Do we have age-appropriate manners?
Did you remember to say please and thank you? The Holy Spirit isn’t obligated to come to change the gifts of bread and wine to the body and blood of Christ. This is a gift. Are we old enough to remember to say please and thank you without being reminded?
It’s not all about you.
Many of us want to have a deep and meaningful experience during the services. We look forward to sitting in the pew and bringing our needs before God. Although most prayer services have a prayer or two for this, the time to sit quietly in prayer or meditation isn’t during the Corporate Prayer services. What you are looking for sounds more like Personal Prayer. If this is what you need, go to church early and pray before the service starts or offer these prayers at home. The services of the Church are for everyone and the whole Church needs to be present for them to be authentic.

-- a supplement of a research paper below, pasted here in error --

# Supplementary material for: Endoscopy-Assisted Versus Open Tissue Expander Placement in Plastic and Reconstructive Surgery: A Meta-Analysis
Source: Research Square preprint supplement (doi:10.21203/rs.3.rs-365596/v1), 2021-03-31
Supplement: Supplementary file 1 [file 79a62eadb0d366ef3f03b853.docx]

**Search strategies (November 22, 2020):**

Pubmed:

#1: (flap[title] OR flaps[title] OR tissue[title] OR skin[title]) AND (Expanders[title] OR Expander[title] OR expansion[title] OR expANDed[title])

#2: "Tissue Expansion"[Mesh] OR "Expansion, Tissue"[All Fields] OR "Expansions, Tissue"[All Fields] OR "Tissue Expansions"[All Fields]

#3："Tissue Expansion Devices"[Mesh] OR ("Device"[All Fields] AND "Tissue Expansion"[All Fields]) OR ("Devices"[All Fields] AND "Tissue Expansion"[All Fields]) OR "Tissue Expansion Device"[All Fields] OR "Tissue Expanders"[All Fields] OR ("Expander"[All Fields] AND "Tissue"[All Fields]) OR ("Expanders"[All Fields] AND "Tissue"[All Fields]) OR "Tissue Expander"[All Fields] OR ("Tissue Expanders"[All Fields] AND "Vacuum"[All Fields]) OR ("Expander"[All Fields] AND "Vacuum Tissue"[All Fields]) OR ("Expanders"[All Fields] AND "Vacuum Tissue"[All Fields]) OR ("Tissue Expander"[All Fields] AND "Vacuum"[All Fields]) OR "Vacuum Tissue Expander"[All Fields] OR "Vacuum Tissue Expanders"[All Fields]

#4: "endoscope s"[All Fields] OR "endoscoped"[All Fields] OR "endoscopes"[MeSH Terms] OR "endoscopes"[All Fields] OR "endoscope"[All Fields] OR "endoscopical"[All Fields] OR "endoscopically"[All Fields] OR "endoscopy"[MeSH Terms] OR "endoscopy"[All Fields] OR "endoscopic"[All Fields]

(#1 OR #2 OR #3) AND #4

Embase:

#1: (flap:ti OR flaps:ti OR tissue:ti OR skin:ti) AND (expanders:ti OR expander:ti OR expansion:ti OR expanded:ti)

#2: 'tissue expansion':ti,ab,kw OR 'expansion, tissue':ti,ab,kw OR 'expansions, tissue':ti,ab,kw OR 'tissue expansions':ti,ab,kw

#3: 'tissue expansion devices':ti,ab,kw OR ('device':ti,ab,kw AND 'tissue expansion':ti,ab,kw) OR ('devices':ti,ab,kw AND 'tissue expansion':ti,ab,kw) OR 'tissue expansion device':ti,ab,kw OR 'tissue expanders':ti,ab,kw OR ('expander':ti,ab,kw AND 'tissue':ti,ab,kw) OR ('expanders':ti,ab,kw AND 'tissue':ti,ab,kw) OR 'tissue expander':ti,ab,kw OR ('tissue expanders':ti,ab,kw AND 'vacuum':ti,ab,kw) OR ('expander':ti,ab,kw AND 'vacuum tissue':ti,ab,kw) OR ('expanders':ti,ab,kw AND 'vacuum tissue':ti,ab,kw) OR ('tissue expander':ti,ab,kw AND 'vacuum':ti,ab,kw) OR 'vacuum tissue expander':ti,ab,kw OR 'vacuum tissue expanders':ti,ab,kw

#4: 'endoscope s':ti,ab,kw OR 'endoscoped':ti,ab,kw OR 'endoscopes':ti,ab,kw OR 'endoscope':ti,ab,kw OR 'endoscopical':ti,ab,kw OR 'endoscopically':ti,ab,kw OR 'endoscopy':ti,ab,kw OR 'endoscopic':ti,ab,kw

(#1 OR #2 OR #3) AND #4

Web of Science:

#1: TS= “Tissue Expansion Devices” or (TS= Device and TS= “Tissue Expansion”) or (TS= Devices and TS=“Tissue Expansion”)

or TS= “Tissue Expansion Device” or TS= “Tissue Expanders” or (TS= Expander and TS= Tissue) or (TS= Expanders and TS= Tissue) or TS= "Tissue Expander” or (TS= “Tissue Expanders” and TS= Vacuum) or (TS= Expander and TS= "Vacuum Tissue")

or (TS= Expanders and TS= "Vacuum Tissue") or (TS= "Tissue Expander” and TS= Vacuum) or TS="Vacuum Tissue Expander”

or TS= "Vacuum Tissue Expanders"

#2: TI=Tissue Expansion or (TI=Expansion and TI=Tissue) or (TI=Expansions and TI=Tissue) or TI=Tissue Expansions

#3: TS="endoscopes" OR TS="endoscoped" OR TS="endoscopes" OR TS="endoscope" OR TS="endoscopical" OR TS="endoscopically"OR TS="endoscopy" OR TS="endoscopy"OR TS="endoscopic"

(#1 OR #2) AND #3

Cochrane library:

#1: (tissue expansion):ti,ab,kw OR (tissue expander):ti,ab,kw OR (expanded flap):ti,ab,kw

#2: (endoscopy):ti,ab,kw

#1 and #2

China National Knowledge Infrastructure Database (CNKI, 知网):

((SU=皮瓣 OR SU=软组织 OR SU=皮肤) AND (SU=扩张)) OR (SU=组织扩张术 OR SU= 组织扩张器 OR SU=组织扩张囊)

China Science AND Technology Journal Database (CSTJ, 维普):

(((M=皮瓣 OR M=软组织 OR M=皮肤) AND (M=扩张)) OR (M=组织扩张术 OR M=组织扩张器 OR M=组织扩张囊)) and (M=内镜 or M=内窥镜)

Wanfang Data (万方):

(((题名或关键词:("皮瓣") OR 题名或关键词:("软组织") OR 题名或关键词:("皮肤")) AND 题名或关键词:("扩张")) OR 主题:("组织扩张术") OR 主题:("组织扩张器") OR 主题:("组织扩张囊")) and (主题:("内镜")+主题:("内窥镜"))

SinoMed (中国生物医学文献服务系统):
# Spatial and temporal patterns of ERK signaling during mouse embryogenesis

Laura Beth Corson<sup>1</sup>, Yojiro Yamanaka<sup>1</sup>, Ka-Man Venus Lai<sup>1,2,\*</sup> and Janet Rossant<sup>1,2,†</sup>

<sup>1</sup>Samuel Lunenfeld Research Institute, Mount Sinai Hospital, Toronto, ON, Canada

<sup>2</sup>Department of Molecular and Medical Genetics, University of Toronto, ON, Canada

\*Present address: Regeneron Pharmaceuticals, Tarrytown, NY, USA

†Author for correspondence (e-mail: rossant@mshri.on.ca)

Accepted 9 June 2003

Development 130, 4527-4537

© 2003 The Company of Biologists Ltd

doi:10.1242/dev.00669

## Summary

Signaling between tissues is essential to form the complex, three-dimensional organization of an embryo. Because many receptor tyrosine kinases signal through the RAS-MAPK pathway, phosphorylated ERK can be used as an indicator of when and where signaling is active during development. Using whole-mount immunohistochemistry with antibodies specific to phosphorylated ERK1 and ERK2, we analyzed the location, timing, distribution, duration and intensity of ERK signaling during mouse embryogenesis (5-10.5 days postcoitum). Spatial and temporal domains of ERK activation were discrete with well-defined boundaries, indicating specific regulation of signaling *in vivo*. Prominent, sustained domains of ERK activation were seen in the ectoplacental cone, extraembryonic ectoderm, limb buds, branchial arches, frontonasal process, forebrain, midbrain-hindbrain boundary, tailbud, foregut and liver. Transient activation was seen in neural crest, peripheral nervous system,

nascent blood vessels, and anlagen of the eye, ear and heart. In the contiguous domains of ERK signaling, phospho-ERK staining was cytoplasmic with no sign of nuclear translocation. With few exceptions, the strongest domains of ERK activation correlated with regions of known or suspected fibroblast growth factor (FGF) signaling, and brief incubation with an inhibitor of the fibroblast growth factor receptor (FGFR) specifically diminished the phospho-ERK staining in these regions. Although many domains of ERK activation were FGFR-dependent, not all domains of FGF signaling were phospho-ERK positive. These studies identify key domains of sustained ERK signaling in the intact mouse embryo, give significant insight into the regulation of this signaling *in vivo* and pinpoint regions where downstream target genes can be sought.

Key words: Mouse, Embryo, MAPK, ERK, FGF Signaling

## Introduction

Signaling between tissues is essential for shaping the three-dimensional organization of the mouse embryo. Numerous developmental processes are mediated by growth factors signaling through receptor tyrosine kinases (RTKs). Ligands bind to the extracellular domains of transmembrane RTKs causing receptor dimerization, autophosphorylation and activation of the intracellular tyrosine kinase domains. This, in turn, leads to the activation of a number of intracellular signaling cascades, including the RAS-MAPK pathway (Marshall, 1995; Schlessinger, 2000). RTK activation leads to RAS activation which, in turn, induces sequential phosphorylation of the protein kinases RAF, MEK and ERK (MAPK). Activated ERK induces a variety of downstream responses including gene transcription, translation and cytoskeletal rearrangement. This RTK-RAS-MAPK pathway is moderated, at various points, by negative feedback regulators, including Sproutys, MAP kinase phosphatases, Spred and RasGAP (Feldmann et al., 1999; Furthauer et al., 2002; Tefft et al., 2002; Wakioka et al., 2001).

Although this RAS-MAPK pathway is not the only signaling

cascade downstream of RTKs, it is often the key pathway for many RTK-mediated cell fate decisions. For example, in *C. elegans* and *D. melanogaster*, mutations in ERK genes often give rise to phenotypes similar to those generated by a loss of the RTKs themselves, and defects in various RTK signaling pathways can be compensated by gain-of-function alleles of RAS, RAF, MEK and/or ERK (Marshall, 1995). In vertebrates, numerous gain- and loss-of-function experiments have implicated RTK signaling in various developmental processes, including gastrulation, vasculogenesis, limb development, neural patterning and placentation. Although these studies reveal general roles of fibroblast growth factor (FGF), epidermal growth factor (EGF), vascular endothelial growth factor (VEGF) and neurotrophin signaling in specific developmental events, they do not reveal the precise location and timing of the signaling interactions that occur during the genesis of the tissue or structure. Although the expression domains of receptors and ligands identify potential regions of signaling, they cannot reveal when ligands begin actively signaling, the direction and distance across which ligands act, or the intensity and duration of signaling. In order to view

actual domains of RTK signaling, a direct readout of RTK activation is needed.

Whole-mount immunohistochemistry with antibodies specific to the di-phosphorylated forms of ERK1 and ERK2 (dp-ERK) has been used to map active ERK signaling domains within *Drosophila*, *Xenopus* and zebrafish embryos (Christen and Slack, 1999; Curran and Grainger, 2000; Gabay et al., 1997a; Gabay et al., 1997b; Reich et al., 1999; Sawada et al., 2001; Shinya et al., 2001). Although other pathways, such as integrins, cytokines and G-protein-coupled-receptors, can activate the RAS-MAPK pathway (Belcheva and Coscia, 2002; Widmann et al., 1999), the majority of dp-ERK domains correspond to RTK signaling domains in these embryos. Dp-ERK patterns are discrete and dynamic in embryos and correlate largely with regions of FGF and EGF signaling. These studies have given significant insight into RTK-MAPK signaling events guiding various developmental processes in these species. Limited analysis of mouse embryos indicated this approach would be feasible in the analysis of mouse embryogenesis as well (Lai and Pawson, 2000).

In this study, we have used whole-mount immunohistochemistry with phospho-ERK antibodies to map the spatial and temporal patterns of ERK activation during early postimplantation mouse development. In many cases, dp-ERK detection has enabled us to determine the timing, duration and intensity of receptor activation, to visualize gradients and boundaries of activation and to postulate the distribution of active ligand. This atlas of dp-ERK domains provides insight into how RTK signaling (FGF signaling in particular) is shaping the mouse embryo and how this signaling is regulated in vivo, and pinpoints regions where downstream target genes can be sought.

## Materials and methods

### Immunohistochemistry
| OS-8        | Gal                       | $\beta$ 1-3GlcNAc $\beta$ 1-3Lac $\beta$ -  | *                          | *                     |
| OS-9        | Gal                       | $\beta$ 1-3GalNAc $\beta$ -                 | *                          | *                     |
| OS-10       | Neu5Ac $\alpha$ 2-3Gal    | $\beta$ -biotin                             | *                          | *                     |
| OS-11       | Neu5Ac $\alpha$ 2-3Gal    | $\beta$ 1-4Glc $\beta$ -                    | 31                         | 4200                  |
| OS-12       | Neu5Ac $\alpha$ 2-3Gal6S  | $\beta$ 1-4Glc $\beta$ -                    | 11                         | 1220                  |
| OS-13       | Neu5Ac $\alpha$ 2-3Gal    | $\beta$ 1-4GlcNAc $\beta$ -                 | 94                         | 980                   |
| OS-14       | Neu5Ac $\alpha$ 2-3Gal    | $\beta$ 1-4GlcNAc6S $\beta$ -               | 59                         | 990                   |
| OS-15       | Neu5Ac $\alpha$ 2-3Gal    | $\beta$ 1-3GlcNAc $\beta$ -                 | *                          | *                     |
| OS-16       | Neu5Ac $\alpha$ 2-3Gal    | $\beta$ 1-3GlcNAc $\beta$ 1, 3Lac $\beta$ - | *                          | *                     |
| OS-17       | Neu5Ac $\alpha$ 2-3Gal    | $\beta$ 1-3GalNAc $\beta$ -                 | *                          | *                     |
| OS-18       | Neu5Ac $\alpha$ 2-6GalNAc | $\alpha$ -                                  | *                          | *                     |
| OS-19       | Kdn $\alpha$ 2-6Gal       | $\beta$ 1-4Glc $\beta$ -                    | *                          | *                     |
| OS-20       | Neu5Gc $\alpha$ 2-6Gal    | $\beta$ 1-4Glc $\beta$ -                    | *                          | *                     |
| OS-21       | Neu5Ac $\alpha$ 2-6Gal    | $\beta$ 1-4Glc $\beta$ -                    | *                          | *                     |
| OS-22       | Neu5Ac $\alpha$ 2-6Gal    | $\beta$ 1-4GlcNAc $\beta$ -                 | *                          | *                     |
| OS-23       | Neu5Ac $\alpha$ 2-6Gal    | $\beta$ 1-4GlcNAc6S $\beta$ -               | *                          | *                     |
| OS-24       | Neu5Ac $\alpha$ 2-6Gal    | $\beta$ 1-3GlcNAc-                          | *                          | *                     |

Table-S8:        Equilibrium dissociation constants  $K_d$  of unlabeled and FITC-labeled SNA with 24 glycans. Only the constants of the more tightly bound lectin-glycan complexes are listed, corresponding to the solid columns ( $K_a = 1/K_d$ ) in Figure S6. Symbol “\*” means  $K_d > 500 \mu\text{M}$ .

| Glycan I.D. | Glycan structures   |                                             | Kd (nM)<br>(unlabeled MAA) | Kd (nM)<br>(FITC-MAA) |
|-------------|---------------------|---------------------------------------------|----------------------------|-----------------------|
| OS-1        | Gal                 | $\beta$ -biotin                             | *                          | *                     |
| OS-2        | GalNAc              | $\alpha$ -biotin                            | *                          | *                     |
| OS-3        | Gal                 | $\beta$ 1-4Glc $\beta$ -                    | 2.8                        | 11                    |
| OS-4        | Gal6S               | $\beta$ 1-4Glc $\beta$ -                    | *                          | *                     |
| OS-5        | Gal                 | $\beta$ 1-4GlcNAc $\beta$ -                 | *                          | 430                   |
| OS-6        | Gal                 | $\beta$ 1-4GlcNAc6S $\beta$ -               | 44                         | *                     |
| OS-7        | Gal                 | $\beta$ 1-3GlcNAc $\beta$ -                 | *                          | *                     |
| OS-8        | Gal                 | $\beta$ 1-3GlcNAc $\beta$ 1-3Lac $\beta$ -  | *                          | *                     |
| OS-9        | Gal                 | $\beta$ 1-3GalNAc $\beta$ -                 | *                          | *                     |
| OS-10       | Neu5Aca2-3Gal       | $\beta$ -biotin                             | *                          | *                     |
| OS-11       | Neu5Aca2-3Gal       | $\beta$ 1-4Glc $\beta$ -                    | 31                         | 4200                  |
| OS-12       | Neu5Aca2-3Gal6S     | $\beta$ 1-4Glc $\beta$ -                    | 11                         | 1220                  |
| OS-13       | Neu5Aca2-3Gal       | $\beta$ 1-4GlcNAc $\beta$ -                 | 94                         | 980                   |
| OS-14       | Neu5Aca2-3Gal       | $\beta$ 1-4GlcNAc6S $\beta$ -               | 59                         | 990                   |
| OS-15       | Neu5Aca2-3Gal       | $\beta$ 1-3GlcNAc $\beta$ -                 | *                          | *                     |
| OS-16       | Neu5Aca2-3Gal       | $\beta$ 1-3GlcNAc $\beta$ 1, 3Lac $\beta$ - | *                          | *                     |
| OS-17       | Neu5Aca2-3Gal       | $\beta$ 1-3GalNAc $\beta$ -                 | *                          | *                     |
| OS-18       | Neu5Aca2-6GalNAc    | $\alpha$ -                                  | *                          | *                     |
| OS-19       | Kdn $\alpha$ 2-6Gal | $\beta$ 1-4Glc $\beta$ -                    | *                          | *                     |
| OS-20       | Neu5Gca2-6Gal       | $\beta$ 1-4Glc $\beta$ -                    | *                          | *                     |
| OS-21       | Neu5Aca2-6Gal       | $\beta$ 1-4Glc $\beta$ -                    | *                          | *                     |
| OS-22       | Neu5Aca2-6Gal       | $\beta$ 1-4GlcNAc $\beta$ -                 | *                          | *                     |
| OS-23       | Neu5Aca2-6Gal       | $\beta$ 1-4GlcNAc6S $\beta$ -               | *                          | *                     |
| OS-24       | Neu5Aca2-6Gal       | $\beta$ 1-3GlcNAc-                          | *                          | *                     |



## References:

It’s important to always act your age.
Children need to be in church with their parents. Parents need to be in church with their children. It’s the best way we know to have a balanced spiritual life because we are a Church who understands the importance of Corporate Prayer and Private Prayer. All I ask is that before we look at the fussy child or experimental toddler with the expectation that they act his or her age, I hope that we are doing a better job acting our own age.